Sept. 30 marks LGMD Day

By the age of 24, Samantha Fauser’s life was turned upside down. After giving birth to her daughter, Ace Fauser, she noticed something strange was going on. Her leg muscles were progressively getting weaker.

 “Stress can lead to the illness developing faster,” Samantha said, “so when I got pregnant, it was enough stress to make my body shut down as much as I did, so when I went to work out, I couldn’t stand on my tippy toes, which was strange.” 



After noticing the changes, she went to the doctors and got diagnosed with Limb-Girdle Muscular Dystrophy or LGMD. She said getting diagnosed with anything can be upsetting but something that could change your life forever, can be hard to face. The doctors gave her five years before she was predicted to be in a wheelchair. 

“They thought that I would be in a wheelchair around the first handful of years, maybe around five years, and it has now been 14 years.” Fauser has now almost tripled the expectancy and now walks with a walker. 

LGMD is a rare disease causing muscle weakness, and it was first diagnosed in 1996, so most people who may have had it were misdiagnosed. At the start of her journey it was a difficult path. 

“Back when I was first diagnosed with LGMD, there was a Yahoo group, and there was about 75 people among the entire world, and everyone was speaking different languages to the point in which people were more just connecting to people instead of being formal.” 

Knowing there could be a possibility she could never walk again, she and her partner at the time decided to have a wedding. 

“What sucks is that me and my husband were never planning on being married, but when we found out I was diagnosed, he asked me to marry him so I could walk down the aisle when I could really walk.” 

Her last dance she had was on her wedding day. They wanted to make sure that moment was one to remember.


Fauser is open to teaching people about LGMD, but sometimes it’s hard, especially when she doesn’t feel positive about it. She had no control of what could happen, and for most people that may be scary not knowing what’s wrong and not being able to stop what’s going on and not having a say and what’s happening with your own body. 

When she was first diagnosed she was young and still had a lot of active life. She was dancing, starting a family, building a house and starting a business. “What has been the most difficult thing for me was just getting the diagnosis because it was nothing under my control and something I had to live with and realise that my life and my future isn’t going to be the way that I planned.” Because there isn’t anything she can do to stop it, she commits herself to her doctor’s recommendations and physical therapy, which she said she is very thankful for.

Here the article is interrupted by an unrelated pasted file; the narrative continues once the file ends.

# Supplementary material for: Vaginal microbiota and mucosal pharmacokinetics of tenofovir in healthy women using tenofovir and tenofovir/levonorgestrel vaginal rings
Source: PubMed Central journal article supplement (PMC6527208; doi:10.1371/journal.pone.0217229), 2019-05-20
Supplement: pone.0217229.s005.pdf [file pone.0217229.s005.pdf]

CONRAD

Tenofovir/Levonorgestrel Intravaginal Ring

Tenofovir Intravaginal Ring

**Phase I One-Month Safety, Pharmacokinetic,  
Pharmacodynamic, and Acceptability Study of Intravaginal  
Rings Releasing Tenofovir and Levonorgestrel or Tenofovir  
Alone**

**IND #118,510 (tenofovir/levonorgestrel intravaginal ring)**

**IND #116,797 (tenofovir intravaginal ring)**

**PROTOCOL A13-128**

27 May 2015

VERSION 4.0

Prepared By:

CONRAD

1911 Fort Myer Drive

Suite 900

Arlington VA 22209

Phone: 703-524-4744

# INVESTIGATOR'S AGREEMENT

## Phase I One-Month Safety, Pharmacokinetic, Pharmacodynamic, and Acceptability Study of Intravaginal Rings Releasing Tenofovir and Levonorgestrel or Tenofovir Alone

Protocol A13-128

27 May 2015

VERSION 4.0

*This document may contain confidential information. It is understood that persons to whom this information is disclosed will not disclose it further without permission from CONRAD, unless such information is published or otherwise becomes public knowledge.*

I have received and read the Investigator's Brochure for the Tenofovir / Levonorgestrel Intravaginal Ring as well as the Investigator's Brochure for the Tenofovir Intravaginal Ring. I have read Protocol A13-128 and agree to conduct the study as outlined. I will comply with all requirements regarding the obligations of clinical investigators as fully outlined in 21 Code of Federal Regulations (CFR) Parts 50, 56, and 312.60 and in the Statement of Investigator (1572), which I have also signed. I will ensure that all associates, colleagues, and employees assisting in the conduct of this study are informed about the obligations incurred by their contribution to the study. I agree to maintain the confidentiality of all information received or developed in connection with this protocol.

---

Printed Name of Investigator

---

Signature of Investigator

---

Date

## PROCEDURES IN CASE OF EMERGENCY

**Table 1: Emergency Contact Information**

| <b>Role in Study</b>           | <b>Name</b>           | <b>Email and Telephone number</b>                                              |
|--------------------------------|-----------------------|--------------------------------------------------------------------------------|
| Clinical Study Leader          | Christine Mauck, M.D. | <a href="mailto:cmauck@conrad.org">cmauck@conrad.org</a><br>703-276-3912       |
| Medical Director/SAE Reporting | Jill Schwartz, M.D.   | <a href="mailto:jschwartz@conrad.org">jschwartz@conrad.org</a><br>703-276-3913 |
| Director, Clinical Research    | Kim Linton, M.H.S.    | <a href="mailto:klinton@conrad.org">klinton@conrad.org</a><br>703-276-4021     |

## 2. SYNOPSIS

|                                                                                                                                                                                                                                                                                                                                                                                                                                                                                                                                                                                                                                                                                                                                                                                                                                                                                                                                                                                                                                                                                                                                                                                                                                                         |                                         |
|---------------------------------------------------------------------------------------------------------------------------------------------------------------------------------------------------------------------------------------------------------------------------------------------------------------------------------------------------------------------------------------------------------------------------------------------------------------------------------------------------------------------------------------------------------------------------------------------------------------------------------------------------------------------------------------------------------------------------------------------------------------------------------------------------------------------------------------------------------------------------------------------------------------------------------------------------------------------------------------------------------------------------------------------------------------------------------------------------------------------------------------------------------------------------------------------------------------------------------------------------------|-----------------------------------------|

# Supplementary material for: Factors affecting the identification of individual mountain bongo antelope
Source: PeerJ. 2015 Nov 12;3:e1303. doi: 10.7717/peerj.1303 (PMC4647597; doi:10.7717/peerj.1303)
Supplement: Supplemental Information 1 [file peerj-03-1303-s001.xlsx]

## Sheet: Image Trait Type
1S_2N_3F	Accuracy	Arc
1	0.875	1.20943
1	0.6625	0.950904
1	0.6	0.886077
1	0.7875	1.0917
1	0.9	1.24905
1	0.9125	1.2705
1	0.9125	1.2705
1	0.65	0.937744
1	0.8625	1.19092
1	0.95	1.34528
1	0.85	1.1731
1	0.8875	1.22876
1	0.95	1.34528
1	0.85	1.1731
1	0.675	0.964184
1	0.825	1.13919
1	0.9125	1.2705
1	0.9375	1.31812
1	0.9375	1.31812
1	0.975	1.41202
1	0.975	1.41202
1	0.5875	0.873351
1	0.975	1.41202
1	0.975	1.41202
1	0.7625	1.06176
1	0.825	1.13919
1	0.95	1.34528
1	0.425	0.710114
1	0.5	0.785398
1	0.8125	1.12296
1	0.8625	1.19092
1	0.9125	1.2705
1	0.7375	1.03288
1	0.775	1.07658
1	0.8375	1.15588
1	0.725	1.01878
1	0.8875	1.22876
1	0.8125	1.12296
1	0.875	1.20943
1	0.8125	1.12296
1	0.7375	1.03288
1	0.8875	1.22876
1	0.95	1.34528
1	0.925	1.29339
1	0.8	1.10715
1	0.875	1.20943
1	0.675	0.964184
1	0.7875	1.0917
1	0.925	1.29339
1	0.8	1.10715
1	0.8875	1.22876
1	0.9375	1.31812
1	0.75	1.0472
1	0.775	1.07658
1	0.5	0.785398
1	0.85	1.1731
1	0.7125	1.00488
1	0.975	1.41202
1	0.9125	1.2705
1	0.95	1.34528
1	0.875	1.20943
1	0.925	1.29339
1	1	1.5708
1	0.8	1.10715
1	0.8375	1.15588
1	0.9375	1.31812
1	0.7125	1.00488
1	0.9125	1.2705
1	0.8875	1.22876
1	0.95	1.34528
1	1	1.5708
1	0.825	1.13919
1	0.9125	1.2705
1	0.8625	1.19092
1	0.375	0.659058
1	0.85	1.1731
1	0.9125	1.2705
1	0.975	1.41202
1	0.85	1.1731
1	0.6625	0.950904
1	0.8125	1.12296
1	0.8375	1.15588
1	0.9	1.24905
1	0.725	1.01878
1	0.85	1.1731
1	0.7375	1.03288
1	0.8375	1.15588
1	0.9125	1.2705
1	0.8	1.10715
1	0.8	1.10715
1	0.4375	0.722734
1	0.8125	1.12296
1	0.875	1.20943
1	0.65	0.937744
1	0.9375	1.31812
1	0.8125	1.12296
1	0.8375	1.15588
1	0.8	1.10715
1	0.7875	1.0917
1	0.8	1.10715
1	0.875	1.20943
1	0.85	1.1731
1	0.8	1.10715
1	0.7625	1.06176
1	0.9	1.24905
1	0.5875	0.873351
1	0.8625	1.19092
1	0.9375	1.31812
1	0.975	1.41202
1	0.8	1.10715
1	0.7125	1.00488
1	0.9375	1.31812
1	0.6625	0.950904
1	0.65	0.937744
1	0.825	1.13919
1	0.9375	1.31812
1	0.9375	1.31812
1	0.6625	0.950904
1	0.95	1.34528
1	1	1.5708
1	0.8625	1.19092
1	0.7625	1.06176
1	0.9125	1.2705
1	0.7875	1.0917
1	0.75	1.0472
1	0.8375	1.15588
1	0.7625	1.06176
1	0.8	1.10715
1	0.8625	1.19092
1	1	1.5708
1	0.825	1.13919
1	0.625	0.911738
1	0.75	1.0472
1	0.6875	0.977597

LGMD 2B is a type of limb-girdle muscular dystrophy, affecting muscles in the arms, legs, fingers, toes and face. This sub type shows up more in early 20s and can get progressively worse. Some may end up in wheelchairs by their late 20s. It all depends on their body types, how stressed their bodies are and how well they take care of themselves. LGMD mm stands for miyoshi myopathy, which mainly affects the legs and can be shown in early adulthood.  This subtype also includes weakness and atrophy in the calves.

Even when she still has some doubts about it, Fauser said she looks on the positive side of things.

“But as far as anything else, it’s not necessarily an inconvenience. I more or less adapt to it and I’m not upset at the fact that I can’t dance anymore. I’m glad that at one point I could. It means more to me that my last dance was saved for my wedding night.” 

She has always tried to look and remember the good things and the happy times, and every year on Sept. 30, which is national LGMD awareness day, her family and friends show support and show how much she matters to them. Of course, she said she still has her down days where the disease seems to be a curse, but there are many days where she shares those happy memories.

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